After meeting, I received some eldering--not in the sense of admonishment, but in the sense of seasoned members of the meeting reaching out to me and giving me feedback in a way that nurtures whatever gifts I may have. In the first instance, G. thanked me, not for the message that I'd given this week--which is always a good thing to hear, especially from a weighty friend--but for "being a conduit" for a message that (he said) brought the meeting to a deeper point in worship. Coming from G, that's almost humblingly encouraging. The words he chose conveyed a sense that the wated didn't taste too much of the pipes--that I'd really managed to carry it faithfully.

Who doesn't like to hear when they got something right?

I do not remember the message, by the way. Not in the sense of trance amnesia, as many Wiccan HPs have for Drawing Down in ritual. (Pagans sometimes use that kind of amnesia as a yardstick of authenticity of _our_ messages in worship--though, on its own, it's a fairly unreliable one, I fear.) Just... it really wasn't my message, so I don't really remember what it was very well. Which is cool.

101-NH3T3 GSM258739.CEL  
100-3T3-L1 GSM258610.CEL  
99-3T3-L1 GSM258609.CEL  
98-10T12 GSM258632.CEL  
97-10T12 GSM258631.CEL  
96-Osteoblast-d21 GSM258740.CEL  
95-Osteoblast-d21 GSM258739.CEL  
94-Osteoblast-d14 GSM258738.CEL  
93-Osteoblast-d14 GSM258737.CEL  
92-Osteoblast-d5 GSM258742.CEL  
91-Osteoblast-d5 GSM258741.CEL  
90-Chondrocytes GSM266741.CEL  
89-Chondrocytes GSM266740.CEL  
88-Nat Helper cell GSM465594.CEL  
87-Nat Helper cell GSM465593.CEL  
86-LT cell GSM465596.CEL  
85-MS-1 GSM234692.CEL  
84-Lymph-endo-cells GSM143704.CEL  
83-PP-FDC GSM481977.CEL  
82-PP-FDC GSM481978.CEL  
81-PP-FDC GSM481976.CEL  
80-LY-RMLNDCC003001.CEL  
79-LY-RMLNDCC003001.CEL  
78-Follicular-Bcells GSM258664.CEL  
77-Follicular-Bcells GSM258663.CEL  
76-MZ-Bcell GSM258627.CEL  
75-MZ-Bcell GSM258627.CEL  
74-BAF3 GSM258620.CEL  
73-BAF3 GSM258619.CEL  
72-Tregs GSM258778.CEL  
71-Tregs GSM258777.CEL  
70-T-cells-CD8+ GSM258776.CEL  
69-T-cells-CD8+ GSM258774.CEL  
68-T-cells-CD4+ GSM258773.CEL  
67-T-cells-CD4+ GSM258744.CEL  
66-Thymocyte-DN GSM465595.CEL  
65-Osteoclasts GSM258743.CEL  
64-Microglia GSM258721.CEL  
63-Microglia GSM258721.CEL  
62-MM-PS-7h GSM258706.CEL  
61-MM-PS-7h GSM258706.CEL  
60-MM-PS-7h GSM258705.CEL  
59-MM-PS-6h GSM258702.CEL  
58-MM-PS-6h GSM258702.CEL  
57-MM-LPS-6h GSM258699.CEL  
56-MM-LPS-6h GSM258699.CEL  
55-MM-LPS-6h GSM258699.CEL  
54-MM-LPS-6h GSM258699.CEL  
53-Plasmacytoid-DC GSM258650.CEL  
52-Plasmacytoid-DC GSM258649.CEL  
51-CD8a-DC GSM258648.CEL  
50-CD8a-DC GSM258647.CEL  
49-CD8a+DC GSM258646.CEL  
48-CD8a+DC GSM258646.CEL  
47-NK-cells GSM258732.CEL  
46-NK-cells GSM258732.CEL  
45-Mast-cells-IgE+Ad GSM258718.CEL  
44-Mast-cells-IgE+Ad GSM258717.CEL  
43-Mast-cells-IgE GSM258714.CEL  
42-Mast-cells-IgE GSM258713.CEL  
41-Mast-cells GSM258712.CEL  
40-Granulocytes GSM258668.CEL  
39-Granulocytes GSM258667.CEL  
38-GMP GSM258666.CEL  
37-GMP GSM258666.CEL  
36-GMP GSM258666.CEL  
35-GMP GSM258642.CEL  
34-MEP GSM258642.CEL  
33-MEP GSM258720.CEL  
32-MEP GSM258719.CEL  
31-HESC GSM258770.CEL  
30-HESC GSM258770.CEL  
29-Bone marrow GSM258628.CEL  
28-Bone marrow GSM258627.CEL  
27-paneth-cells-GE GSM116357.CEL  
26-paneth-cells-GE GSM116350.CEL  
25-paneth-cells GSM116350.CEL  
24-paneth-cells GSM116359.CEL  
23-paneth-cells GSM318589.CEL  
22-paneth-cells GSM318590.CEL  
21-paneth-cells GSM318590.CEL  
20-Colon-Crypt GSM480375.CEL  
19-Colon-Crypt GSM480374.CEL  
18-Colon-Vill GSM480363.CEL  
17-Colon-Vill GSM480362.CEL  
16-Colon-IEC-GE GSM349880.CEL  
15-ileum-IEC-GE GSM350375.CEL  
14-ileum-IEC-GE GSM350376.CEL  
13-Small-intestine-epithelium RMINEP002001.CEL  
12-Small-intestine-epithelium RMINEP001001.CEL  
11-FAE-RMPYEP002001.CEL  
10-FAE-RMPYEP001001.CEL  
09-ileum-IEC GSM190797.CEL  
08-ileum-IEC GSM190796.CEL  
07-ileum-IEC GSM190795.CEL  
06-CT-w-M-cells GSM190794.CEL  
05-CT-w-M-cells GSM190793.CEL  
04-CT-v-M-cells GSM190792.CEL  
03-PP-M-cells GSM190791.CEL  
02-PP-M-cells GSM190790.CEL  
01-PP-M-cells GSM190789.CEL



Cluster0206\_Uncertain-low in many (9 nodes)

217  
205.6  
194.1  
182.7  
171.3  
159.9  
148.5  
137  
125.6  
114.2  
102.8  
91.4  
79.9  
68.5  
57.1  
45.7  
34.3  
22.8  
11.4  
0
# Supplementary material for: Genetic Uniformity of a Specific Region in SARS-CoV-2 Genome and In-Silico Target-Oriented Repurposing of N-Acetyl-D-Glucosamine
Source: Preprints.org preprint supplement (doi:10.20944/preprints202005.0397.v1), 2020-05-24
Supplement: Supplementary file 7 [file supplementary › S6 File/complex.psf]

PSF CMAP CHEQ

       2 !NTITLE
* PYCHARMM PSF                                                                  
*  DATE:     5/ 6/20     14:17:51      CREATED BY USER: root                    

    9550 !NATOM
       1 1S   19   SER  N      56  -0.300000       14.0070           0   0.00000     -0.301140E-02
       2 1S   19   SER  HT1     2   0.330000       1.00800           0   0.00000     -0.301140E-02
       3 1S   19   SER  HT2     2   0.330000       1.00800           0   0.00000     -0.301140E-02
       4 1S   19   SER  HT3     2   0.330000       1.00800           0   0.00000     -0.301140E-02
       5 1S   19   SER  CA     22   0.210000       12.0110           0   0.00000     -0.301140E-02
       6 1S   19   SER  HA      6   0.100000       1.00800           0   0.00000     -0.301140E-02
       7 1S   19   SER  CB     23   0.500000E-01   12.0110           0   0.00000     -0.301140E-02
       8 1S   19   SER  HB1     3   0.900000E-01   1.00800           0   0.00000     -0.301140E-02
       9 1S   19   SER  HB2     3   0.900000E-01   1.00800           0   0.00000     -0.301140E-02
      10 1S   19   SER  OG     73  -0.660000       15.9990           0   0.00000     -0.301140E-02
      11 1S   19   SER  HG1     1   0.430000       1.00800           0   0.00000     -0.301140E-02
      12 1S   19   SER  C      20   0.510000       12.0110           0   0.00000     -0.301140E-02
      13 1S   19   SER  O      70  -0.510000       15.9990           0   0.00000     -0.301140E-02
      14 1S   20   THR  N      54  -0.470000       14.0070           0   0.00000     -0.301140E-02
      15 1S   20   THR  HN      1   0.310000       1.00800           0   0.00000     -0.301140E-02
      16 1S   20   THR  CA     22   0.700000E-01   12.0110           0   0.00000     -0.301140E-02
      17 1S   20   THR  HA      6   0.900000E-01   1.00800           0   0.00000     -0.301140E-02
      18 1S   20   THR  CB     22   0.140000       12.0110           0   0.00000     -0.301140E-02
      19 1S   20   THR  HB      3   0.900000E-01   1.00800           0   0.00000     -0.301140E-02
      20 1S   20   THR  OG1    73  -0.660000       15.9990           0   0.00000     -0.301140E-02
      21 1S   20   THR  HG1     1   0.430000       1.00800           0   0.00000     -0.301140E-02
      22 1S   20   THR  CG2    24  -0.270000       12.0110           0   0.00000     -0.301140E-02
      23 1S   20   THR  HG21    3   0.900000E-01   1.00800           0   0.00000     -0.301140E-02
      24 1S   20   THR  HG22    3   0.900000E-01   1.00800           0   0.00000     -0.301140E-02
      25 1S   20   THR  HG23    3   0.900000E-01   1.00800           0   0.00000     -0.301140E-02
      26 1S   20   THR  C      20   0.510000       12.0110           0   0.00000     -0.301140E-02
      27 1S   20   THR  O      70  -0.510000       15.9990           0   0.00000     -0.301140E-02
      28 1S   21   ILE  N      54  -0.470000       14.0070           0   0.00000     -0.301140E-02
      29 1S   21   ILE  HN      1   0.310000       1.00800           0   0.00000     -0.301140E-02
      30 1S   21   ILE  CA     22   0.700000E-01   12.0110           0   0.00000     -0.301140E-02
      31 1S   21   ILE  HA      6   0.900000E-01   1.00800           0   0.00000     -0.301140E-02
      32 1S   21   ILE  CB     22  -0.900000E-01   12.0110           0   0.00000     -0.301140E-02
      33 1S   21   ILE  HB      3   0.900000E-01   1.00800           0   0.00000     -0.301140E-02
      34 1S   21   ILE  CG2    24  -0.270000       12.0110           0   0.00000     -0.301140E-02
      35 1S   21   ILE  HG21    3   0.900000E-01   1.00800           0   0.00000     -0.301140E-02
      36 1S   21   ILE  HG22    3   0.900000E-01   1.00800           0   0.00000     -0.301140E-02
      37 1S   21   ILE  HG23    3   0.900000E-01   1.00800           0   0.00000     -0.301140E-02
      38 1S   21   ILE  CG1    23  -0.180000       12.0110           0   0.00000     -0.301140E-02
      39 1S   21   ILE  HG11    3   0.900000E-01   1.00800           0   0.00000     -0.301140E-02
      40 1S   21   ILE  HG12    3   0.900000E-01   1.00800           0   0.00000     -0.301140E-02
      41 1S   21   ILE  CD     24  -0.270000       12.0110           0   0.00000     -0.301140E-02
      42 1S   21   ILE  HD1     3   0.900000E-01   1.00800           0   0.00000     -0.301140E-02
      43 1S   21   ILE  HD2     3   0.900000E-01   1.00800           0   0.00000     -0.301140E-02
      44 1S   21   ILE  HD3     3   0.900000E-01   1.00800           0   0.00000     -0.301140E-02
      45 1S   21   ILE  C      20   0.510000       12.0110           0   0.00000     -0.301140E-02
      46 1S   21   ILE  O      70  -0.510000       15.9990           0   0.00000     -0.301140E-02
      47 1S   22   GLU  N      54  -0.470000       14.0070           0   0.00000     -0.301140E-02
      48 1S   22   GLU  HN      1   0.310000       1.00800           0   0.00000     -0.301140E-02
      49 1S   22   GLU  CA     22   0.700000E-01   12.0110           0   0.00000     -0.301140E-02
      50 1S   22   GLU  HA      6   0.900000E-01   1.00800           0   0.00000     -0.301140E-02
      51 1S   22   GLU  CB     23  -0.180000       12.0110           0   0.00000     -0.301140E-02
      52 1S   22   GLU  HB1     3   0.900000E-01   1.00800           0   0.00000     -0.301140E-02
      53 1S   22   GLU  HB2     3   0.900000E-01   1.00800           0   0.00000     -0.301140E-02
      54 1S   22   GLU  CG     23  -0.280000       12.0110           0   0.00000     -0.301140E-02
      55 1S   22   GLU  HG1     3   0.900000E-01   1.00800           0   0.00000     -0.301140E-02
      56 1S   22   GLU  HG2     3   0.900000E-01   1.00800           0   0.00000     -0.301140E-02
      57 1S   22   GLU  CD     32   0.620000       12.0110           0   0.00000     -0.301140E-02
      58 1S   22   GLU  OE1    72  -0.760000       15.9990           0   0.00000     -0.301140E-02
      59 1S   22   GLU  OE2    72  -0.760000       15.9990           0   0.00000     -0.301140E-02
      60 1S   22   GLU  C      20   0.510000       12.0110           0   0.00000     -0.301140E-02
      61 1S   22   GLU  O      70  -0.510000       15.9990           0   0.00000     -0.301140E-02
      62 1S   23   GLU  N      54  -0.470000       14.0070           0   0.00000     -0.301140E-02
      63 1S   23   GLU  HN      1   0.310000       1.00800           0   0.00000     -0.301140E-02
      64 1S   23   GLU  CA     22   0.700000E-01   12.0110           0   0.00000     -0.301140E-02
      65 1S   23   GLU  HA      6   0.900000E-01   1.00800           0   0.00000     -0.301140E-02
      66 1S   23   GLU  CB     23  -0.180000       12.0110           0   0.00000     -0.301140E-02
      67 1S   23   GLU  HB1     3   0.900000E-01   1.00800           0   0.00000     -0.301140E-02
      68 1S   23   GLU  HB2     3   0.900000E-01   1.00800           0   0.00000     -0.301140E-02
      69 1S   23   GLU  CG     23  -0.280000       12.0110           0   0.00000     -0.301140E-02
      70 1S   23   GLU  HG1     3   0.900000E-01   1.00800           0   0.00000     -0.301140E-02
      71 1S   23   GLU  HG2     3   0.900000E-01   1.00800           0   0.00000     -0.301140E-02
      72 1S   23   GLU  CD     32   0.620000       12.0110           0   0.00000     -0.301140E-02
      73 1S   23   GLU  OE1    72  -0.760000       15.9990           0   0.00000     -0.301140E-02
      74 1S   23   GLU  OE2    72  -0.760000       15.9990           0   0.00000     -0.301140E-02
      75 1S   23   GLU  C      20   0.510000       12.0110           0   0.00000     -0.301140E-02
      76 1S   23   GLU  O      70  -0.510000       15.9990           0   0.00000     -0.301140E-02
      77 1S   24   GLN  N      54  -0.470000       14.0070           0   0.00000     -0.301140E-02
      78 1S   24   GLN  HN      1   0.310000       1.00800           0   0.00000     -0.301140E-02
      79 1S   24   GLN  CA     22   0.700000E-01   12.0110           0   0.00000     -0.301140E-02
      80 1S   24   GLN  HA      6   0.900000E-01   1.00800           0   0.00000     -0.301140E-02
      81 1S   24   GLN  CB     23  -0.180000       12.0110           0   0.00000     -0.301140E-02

A little later, R. approached me to pass on a more general, but also really affirming comment which came out of the State of Society meeting he'd attended, where my name apparently came up as someone whose presence contributed to worship in a good way. And again, that was good to hear in ways that are so rich that it's almost scary.